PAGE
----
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As Gingrich Surges, He Has Catching Up To Do In N.H.

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Former House Speaker Newt Gingrich's surge to the top tier of the GOP presidential field has been sudden.

That's put him squarely in the media spotlight — Gingrich has been buffeted for the past several days over his consulting work for the mortgage giant Freddie Mac. But it's also highlighted the challenge he faces in early-voting states like New Hampshire, where he lacks a traditional campaign structure.

Gingrich predicted victory when he opened his state campaign headquarters in Manchester last week. But he also told supporters that winning wouldn't be easy.

"The fact is, I'm clearly the underdog in New Hampshire. We are going to be coming from behind," he said. "But we have a chance to really change history right here. Not in South Carolina, not in Florida, not in Nevada — right here."

The fact that Gingrich is here at all is remarkable. His early campaign seemed one long misstep: Conservatives lit into him when he called Republican Rep. Paul Ryan's budget plan "right-wing social engineering." Gingrich was pilloried in the media for holding a six-figure line of credit with the high-end jeweler Tiffany. His top national staff resigned in June, after Gingrich left the campaign trail to cruise the Greek isles. And as recently as last month, his campaign was more than $1 million in the red.

But after some strong debates and blunders by rivals, Gingrich is now the latest alternative to former Massachusetts Gov. Mitt Romney.

'We Need The Best'

"Newt Gingrich is the best," says Wink Van Nowe, a GOP activist with Tea Party ties. "He's knowledgeable, he's been there, he's effective. We need the best."

Van Nowe isn't alone in citing Gingrich's experience in Washington as a plus. That speaks to Gingrich's resume, which includes 20 years in Congress. But it's also an unexpected twist in an election where gaffes by anti-Washington candidates like Texas Gov. Rick Perry and businessman Herman Cain have left many conservatives worried.

"You can't have those kind of bloops in a big debate and go against President Obama, who's a great orator, and do well — that's just not going to happen," says John Preve, a tax accountant from Concord. "I would really enjoy seeing Mr. Gingrich debate President Obama. ... I think it would make good politics."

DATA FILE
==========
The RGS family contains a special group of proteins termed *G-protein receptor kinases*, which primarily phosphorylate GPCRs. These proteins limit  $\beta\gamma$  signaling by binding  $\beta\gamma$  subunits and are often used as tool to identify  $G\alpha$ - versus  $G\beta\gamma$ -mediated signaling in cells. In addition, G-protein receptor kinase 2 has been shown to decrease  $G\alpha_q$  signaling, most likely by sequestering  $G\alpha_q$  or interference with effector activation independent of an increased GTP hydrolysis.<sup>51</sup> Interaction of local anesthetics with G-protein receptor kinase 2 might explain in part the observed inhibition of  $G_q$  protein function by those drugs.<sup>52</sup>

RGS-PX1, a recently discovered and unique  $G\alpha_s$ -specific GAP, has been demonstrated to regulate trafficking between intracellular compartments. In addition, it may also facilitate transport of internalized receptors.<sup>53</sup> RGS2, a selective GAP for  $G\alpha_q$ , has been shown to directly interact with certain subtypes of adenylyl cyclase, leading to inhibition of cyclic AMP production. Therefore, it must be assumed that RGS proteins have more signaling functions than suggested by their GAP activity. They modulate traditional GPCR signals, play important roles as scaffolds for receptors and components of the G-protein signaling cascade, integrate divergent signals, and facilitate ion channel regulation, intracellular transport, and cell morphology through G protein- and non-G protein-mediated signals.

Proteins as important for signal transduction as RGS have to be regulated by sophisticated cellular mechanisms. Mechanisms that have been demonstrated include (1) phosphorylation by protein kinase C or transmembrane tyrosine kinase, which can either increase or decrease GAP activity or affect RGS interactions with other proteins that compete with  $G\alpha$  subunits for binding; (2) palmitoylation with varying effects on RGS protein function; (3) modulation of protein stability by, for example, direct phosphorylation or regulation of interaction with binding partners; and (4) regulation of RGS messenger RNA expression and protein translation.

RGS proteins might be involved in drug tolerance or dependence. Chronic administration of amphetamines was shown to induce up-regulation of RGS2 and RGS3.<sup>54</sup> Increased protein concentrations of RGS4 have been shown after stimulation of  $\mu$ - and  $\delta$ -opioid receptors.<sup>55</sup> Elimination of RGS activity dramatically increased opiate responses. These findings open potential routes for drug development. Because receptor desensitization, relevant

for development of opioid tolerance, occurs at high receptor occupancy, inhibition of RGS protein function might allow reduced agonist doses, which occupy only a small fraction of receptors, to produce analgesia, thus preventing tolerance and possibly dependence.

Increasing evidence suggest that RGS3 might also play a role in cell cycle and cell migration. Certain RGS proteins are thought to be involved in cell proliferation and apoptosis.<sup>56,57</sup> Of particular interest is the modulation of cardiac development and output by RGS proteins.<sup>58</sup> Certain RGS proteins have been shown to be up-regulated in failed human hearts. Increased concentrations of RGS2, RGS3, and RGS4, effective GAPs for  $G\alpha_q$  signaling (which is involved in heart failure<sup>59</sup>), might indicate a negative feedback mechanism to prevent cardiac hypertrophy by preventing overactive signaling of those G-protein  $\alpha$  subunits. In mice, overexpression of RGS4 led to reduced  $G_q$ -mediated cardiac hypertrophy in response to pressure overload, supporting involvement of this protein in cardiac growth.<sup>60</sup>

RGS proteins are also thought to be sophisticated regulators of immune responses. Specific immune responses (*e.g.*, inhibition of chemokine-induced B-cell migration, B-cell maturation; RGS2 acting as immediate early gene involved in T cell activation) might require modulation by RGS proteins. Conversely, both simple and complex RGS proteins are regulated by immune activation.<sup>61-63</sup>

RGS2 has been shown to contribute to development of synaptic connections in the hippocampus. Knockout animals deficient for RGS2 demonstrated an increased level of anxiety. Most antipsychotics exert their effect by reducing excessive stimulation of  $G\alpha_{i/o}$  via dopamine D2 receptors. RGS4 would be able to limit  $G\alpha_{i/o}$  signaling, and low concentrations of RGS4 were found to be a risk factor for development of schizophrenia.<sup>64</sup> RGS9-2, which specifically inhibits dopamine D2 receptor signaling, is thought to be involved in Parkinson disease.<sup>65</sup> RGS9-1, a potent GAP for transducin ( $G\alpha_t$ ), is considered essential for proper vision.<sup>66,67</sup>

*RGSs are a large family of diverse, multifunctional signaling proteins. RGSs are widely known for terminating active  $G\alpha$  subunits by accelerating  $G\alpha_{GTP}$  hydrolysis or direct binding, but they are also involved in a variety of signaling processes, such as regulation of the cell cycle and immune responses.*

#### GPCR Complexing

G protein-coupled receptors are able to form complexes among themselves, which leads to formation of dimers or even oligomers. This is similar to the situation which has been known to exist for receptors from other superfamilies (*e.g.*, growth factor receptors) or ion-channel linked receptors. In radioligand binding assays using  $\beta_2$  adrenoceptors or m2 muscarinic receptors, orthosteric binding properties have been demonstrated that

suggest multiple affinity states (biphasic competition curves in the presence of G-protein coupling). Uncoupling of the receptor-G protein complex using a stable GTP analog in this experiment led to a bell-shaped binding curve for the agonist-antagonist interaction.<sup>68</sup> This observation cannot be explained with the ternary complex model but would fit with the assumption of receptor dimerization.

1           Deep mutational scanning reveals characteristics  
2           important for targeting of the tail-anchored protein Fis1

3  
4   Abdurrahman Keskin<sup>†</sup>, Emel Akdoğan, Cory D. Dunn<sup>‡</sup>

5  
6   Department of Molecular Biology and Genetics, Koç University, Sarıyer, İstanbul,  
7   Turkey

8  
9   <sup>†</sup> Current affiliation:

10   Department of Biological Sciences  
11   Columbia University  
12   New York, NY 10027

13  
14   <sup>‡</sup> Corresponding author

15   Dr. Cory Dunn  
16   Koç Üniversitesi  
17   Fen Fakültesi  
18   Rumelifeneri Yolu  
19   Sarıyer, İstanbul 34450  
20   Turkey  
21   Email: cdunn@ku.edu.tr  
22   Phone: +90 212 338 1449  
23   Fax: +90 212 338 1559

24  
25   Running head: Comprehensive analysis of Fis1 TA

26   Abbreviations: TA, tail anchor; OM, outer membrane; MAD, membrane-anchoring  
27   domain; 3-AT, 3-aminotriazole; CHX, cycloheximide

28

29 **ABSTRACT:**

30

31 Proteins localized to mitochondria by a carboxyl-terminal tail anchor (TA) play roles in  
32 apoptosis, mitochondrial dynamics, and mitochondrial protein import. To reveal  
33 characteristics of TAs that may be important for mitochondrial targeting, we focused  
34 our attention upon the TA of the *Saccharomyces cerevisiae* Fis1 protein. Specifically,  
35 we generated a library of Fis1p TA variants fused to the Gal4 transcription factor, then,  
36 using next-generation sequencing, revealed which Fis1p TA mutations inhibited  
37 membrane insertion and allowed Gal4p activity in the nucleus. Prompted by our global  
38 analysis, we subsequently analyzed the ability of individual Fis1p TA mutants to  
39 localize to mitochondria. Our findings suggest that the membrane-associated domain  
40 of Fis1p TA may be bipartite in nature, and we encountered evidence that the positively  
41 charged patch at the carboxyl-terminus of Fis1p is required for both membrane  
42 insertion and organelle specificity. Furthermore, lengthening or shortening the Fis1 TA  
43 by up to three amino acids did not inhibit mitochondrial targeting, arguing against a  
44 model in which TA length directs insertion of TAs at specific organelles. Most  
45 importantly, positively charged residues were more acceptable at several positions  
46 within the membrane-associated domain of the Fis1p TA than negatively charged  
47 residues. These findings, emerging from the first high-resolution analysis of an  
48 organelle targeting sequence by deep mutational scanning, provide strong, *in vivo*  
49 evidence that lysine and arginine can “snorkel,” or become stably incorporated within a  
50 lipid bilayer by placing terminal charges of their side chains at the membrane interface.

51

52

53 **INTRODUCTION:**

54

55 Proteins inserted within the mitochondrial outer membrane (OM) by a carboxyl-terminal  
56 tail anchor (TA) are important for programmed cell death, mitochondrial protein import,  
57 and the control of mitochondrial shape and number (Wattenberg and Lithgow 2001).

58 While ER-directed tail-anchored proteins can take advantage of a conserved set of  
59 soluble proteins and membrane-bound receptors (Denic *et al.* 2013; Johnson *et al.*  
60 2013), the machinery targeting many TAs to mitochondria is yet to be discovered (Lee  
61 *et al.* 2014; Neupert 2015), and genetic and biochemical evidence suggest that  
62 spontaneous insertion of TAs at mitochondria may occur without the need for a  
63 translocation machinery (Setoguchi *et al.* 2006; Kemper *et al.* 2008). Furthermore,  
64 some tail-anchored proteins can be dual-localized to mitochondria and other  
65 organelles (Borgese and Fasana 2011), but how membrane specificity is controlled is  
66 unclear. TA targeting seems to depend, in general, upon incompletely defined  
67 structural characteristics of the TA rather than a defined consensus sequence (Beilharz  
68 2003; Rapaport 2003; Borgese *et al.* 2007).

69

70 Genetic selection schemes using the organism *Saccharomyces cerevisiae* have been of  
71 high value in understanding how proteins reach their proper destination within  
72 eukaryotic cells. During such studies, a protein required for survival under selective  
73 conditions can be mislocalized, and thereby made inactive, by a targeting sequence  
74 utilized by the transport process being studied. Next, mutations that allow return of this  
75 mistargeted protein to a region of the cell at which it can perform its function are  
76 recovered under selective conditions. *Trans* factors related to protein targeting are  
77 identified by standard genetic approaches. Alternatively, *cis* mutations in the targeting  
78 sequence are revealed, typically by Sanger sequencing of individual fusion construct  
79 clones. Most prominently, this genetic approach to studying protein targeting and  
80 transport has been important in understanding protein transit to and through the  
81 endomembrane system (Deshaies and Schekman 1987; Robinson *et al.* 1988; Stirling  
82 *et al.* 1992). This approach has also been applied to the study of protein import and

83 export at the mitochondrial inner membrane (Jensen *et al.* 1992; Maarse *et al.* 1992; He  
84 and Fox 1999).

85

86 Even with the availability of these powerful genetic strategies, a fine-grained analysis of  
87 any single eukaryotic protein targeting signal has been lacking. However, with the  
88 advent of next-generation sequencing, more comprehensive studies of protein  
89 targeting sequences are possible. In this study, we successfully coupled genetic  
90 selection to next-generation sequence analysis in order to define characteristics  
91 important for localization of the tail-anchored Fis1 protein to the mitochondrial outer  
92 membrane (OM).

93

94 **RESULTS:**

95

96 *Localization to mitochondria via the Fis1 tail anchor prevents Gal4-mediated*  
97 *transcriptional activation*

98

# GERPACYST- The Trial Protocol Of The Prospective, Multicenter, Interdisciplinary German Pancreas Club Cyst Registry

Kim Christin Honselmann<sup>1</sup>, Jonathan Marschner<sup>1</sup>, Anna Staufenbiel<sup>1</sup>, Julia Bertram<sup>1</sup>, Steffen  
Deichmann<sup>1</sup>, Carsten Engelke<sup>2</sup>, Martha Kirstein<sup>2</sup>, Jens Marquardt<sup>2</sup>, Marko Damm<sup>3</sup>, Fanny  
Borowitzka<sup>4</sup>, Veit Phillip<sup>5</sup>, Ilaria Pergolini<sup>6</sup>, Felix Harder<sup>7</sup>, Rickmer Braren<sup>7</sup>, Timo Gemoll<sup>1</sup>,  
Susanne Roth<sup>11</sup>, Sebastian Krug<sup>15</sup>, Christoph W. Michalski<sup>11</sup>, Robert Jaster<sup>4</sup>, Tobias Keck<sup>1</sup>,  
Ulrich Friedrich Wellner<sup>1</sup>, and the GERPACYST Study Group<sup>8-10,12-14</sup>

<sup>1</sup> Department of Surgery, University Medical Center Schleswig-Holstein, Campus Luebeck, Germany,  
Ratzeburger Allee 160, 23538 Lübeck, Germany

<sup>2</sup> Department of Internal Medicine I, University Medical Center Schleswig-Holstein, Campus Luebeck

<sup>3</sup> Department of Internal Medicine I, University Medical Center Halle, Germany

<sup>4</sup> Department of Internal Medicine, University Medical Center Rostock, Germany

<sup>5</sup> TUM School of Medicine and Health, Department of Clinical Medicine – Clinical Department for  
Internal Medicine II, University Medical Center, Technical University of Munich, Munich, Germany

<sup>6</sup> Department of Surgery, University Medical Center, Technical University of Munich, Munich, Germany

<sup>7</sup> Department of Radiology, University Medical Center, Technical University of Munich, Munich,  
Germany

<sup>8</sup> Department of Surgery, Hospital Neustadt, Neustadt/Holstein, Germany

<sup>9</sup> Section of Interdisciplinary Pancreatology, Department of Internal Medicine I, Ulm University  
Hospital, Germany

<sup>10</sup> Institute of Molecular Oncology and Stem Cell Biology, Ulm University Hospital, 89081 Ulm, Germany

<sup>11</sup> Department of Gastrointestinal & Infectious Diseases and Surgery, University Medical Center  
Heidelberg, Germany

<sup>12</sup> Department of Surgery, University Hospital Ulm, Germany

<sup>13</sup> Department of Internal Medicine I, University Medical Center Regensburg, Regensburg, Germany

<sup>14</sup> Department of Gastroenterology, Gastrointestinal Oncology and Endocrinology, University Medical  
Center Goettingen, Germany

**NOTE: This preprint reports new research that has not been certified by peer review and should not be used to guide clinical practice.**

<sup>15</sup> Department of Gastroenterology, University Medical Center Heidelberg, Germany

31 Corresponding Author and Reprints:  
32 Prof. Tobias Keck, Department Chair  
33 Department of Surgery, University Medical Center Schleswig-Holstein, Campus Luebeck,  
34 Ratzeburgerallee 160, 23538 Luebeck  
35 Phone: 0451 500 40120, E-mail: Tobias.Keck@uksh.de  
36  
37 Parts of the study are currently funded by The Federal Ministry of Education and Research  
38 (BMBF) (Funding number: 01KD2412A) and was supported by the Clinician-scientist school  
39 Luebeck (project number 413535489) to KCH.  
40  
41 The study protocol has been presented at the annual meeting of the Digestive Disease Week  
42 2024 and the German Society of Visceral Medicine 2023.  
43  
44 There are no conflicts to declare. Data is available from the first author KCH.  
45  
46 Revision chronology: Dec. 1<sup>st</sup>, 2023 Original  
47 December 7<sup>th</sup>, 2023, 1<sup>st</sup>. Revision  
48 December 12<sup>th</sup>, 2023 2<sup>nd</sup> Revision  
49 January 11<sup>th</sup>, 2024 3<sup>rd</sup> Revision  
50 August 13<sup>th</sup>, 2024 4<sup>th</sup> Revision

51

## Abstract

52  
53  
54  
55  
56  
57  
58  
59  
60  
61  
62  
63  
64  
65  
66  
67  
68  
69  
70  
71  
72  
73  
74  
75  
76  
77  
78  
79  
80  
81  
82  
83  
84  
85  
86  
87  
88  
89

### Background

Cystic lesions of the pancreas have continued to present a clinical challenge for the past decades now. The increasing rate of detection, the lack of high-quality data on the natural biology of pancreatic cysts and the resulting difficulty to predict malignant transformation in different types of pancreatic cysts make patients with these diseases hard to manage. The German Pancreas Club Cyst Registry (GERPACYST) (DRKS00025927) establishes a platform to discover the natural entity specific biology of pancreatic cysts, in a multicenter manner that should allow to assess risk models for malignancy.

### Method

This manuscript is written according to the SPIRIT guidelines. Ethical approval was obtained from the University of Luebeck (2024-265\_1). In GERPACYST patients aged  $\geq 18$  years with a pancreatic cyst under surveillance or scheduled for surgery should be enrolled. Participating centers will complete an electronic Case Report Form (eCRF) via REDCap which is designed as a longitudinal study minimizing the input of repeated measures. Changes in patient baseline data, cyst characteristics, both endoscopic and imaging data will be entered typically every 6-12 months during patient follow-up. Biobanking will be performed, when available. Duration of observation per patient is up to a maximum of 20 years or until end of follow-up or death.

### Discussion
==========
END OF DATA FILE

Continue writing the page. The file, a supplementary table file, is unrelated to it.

Still, getting there will be a steep climb. Andrew Hemingway, Gingrich's New Hampshire state campaign director, says the local math is tough.

"I was hired on Oct. 21. ... We have about 18,000 votes, we think, probably secured. ... We need another 69,000 to 70,000 votes, we think, to win the primary," he says. "So I've got to find a thousand voters every day."

New And Old Models

Gingrich has just five staffers on the ground in New Hampshire. All are recent hires. The campaign says it has set up three offices, with two more in the works. Hemingway also says Team Gingrich will rely heavily on a social media site called NewtHampshire.

"I can't hire enough staff to go and to run this the old way," he says. "There is no way we could do enough, so the only way to do it is to leverage the technology we have and basically create a new model."

But Mike Dennehy, who helped pilot John McCain to New Hampshire primary wins in 2000 and 2008, says the old model could also work for Gingrich, particularly in a year when campaigns don't have big staffs on the ground and most top candidates have done less retail campaigning.

"Newt Gingrich is tailor-made for the New Hampshire town hall-meeting-style campaign," Dennehy says. "So if he were to come here to New Hampshire [and] have town hall meetings — three or four a day for eight or nine days — I think he could make a huge impact."

Dennehy adds, though, that at this point, the contest is for second place, behind statewide front-runner Romney. Dennehy says candidates can claim success as long as they keep Romney's margin to 15 points.

"They'll head into South Carolina with a little bit of momentum ... and if they are within striking distance of Mitt Romney, then it throws the entire race on its head," he says.

Gingrich is expected to return to New Hampshire next week. He has promised supporters he will be in the state often. The former House speaker will probably need to put in time locally to prove his theory of this election: "I believe this race will come down to two people."

If Gingrich is right, the next couple of months will reveal whether he is one of them.

Copyright 2011 National Public Radio. To see more, visit http://www.npr.org/.

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